Social media can be a great friend to everyone during this pandemic. Facebook, Instagram, Twitter, and other sites help us stay in touch with friends and family all the time, but especially now. FaceTime has been a godsend. Zoom too.
But are you careful about what you post? In 2020, our country went through a nasty period of time. George Floyd’s death sparked a summer of protests that turned violent and destructive in some areas, and for whatever reason, the violence continues. However, I don’t think it has anything to do with George Floyd anymore.
And on the political front, things took an ugly turn during the campaign, dividing the nation into the left and the right and no in-between. Of course, the election was complicated by the storming of the Capitol on Jan. 6. Ugly, ugly.
Much of these problems were inflamed by social media. I didn’t like what you said about Donald Trump, so I unfriended you. Or worse, I replied with a nasty diatribe about why I think you are wrong. Even families split apart because of differing opinions and things posted about each other. That is not okay, and it has no place in the military family for sure. It can tear a base in two as people side with one or the other in a disagreement.
That disagreement doesn’t have to be about politics either. It can be based on rumors and innuendos being spread, whether true or not, and hurting each other over something small or nothing at all.
So here is a list of do’s and don’ts of social media:
- Do vent your feelings about something for which you care deeply, but be polite and respectful. See the tip above about mentioning names. Unless they were helpful. Then you can give them kudos.
- Do be helpful. If someone has a need, answer their cry for help.
- Do keep things positive. In today’s world, we really need to boost each other up, not tear each other down.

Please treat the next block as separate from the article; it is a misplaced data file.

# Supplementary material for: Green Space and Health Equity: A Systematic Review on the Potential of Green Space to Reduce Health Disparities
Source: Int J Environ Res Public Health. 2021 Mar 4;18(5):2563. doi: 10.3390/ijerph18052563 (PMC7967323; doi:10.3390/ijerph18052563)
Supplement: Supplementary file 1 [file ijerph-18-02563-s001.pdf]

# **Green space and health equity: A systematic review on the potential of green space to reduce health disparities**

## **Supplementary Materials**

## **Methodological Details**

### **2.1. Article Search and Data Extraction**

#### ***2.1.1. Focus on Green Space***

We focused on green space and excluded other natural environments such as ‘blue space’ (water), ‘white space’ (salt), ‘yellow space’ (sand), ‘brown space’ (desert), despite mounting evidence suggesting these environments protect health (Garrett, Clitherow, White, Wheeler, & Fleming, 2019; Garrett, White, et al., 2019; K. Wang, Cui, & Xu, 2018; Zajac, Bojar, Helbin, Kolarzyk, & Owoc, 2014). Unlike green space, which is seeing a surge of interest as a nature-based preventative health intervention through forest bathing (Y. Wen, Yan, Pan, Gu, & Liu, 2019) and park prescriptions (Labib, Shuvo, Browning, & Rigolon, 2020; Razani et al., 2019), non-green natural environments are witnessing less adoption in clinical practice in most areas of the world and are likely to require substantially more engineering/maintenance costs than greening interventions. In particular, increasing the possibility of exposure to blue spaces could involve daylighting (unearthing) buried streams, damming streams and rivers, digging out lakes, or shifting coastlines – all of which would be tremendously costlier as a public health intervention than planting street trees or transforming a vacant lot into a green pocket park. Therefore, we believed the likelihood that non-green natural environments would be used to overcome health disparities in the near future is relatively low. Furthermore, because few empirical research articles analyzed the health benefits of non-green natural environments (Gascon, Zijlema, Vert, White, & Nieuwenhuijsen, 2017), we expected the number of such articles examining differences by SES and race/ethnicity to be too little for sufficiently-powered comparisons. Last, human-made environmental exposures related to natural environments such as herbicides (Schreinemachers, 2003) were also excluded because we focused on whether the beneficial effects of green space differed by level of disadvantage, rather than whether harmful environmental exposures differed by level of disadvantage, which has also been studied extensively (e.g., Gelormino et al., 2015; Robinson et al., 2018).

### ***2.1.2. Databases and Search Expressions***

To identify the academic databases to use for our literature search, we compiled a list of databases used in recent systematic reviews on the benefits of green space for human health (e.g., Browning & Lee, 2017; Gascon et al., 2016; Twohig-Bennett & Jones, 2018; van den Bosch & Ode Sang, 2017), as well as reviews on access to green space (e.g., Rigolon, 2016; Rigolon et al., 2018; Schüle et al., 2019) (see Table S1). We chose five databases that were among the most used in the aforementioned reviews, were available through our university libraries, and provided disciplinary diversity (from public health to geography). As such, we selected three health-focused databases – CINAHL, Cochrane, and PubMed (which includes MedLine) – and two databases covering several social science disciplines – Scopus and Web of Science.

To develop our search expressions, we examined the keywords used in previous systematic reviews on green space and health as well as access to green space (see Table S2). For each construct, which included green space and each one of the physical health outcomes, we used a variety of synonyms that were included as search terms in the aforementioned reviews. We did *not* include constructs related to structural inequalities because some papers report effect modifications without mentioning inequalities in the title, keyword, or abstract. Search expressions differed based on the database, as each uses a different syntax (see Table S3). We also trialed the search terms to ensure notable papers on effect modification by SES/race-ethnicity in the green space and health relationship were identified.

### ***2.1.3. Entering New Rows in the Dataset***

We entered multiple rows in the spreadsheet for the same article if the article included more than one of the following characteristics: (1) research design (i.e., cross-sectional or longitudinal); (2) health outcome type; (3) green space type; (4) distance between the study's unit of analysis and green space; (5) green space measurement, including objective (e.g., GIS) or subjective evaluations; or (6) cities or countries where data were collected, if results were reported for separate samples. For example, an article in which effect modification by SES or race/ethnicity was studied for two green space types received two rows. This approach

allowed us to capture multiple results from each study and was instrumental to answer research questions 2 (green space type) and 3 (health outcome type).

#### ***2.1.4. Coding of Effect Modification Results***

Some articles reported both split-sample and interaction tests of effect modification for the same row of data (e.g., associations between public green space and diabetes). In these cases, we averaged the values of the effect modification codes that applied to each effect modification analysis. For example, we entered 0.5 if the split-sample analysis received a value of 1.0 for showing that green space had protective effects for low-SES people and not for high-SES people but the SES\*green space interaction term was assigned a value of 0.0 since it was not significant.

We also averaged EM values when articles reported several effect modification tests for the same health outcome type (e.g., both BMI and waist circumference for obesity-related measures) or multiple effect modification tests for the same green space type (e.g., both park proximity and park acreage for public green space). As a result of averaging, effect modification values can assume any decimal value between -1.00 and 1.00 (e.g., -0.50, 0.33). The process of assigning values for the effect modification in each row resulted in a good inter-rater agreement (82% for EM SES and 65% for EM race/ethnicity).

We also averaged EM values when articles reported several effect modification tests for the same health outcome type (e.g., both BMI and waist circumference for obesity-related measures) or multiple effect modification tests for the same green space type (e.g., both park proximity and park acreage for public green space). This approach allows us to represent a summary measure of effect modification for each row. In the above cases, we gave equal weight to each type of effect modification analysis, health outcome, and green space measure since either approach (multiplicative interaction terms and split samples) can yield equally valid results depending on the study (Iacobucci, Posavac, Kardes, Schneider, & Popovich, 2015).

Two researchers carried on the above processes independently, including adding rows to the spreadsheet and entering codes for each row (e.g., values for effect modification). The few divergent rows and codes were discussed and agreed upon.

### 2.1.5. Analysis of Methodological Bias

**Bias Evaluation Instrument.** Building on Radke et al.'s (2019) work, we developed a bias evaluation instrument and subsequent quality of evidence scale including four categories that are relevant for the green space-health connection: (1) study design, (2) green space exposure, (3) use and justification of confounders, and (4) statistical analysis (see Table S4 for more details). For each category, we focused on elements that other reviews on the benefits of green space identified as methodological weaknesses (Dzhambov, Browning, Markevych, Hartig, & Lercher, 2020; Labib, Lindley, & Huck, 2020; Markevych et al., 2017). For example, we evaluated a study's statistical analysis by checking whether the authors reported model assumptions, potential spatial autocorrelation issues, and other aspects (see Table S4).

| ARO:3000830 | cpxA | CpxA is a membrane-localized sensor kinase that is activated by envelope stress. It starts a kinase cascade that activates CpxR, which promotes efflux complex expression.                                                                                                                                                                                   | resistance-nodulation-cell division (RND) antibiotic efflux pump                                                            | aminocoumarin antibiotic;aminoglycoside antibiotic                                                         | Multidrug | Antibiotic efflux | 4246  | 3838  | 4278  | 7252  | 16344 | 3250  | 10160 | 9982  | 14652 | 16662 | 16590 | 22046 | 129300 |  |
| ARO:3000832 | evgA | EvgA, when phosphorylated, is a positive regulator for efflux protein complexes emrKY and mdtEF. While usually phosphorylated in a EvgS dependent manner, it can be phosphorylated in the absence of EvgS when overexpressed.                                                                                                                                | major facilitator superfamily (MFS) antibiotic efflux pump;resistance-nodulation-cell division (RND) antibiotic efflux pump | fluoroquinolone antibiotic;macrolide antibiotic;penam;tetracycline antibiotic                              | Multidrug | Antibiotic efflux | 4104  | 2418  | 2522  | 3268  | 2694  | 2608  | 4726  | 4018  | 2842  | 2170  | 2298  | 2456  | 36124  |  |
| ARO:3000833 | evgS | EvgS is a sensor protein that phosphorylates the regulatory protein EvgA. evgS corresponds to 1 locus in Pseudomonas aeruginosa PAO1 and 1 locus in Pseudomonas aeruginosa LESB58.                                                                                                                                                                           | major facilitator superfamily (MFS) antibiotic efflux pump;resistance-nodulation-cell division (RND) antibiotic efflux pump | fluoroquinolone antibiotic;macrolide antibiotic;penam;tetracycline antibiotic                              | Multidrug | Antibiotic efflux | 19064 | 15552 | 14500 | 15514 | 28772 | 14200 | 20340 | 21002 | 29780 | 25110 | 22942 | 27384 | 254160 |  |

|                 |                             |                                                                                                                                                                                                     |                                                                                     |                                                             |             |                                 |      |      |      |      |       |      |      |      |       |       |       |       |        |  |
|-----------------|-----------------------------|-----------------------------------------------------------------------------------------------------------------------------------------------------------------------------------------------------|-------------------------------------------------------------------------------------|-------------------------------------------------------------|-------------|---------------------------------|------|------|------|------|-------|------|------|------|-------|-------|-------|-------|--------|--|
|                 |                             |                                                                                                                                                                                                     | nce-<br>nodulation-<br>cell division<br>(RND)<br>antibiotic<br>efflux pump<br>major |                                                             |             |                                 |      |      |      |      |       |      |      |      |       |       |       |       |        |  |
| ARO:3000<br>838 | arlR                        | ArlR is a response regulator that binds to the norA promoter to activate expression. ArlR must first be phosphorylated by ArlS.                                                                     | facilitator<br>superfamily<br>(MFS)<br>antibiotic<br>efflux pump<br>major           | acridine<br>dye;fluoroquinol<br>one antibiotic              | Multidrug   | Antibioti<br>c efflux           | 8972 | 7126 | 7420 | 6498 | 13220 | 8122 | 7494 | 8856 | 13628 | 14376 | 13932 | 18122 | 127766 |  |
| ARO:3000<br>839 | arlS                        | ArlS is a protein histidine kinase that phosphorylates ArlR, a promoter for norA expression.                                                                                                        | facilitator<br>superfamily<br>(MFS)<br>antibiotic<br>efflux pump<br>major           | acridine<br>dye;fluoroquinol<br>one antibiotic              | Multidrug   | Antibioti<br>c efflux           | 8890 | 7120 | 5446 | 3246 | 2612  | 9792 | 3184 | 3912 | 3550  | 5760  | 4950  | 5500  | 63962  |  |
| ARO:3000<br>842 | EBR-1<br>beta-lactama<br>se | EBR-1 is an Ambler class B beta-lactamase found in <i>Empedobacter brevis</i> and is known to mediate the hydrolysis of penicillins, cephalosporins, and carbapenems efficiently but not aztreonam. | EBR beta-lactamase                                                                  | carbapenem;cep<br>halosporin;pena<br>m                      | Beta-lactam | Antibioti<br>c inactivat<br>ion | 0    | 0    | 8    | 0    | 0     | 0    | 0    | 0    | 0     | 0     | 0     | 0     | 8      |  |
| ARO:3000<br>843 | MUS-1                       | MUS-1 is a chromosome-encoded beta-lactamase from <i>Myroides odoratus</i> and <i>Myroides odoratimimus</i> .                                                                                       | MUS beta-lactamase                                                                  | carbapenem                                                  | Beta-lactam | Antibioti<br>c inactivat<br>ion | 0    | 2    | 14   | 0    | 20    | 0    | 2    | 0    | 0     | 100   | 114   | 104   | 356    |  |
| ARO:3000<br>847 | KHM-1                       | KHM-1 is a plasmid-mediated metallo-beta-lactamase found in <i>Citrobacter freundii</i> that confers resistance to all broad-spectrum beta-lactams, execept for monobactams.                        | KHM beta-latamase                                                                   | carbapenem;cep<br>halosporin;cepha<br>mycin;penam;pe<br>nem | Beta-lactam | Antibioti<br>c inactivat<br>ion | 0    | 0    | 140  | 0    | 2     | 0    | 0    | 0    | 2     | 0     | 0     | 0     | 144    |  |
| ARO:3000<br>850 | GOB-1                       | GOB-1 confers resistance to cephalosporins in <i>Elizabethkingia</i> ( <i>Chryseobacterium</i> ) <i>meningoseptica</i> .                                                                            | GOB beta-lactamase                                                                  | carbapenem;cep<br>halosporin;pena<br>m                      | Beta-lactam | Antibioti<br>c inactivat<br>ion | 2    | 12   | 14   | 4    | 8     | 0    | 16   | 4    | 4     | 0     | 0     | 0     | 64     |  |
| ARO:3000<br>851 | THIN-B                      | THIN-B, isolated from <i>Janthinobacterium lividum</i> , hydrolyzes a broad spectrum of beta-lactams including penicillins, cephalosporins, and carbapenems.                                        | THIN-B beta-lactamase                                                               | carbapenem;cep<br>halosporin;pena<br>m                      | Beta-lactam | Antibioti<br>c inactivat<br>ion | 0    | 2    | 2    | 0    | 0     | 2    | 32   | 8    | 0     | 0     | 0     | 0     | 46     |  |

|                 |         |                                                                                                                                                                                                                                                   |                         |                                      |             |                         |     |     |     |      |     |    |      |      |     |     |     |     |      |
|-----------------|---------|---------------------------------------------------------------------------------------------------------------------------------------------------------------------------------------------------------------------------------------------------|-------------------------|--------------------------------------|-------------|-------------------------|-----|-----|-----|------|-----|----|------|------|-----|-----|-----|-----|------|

- Do tell stories that will make people smile or laugh. Did your two-year-old do something funny or cute? Let’s hear it because we all can relate.
- Don’t post in the heat of emotions. Write it down and set it aside. If you still feel the same way, post it the next day.
- Don’t be nasty or public shaming someone. If you have a problem, go directly to that person. Don’t bring it to the public to get involved.
- Don’t name names. It’s okay to describe a situation that occurred, but does everyone really need to know who the parties involved are?
- Don’t bring others into your personal drama. I don’t care that so-and-so hurt your feelings, and you are going to seek revenge.
- Don’t complain about your spouse’s job or shop. Everyone in the shop is probably in the same boat and know what is going on. Talk to each other privately if you have an issue.
Remember, just because you are posting on your social media doesn’t mean the base, squadron, or flight commander won’t see it.
Next time, we will talk about etiquette and protocol.
What is your biggest pet peeve about social media? Reply in the comment section below. And don’t forget to subscribe to my blog!